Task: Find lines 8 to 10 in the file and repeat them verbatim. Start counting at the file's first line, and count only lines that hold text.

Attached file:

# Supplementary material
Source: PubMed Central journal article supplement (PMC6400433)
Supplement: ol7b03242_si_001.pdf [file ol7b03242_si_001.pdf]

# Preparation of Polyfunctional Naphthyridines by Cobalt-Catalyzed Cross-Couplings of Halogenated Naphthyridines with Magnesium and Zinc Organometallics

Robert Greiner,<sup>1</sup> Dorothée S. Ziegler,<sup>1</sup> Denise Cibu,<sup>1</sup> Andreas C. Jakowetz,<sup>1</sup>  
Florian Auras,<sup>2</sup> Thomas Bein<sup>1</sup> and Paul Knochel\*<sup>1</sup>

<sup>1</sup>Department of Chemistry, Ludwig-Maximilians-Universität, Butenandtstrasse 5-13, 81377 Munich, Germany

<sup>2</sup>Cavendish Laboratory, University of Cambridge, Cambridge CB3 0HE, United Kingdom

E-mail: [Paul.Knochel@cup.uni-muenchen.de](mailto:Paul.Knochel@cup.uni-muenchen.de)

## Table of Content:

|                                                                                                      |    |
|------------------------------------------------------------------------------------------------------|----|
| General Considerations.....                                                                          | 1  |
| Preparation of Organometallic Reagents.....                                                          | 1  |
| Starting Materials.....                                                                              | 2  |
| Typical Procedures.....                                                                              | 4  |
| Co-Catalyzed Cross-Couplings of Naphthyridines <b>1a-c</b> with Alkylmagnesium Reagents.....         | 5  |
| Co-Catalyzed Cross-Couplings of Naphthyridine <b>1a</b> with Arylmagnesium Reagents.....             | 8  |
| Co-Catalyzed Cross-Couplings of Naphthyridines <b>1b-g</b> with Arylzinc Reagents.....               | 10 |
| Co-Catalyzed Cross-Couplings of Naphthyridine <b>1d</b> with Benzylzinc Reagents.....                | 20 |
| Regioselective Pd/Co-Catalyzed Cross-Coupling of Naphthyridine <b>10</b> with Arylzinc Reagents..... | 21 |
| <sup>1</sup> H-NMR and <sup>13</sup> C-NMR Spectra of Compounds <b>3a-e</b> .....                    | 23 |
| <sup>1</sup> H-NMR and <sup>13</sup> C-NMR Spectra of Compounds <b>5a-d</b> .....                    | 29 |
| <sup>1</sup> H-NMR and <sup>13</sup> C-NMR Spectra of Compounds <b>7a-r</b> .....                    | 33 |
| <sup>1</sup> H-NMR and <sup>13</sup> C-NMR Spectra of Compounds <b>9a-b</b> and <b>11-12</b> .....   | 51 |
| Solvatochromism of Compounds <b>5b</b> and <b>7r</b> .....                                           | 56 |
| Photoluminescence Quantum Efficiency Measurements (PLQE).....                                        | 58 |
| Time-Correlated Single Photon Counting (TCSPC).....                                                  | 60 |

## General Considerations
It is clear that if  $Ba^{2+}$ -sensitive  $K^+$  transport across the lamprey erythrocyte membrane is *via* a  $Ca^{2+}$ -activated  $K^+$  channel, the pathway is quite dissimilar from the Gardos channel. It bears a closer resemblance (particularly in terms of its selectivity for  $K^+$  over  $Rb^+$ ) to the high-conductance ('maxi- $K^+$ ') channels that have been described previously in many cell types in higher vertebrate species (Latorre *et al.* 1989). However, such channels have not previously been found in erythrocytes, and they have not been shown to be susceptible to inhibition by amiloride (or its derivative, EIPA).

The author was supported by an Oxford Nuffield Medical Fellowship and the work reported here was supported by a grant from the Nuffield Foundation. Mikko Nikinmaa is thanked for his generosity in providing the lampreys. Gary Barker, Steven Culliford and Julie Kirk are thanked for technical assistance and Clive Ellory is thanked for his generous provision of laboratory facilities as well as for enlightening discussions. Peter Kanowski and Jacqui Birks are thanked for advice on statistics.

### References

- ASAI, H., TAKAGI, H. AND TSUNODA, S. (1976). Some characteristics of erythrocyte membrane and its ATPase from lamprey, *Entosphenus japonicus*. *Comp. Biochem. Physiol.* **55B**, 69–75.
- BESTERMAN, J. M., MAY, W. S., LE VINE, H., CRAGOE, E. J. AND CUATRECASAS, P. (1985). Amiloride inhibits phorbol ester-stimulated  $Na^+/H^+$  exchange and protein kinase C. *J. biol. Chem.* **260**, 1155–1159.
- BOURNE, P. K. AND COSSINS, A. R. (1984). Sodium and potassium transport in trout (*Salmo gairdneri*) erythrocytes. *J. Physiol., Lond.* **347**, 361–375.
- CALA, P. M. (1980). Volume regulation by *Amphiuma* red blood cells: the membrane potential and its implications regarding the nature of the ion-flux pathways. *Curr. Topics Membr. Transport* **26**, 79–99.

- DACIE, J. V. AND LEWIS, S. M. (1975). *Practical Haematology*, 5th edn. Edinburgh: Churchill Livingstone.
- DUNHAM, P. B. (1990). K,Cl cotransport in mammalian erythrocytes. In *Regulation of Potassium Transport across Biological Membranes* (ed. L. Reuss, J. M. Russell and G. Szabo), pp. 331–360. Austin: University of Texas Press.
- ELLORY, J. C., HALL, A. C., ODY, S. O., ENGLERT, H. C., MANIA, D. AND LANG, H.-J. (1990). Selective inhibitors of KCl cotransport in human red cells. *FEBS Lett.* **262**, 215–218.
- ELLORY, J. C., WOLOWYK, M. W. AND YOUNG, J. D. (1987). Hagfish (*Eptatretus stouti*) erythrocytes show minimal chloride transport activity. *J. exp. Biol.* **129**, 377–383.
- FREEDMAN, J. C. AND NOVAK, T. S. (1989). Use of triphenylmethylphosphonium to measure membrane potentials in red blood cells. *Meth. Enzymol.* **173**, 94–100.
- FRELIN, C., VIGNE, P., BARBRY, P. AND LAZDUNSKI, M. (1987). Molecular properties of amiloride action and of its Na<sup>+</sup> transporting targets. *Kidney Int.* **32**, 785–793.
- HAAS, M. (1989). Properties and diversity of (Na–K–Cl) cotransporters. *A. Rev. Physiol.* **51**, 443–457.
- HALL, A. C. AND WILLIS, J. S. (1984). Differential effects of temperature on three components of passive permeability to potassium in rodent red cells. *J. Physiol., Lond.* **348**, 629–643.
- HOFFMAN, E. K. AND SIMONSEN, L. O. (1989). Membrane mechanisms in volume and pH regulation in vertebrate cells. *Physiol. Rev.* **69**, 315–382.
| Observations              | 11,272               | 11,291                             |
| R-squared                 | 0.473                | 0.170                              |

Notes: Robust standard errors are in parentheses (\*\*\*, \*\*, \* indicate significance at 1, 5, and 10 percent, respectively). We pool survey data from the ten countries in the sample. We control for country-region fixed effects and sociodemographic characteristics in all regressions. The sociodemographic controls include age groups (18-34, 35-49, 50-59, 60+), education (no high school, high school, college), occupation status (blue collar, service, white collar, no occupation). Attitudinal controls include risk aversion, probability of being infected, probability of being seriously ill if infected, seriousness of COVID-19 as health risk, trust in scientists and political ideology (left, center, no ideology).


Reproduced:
<sup>2</sup>Cavendish Laboratory, University of Cambridge, Cambridge CB3 0HE, United Kingdom

E-mail: [Paul.Knochel@cup.uni-muenchen.de](mailto:Paul.Knochel@cup.uni-muenchen.de)

## Table of Content: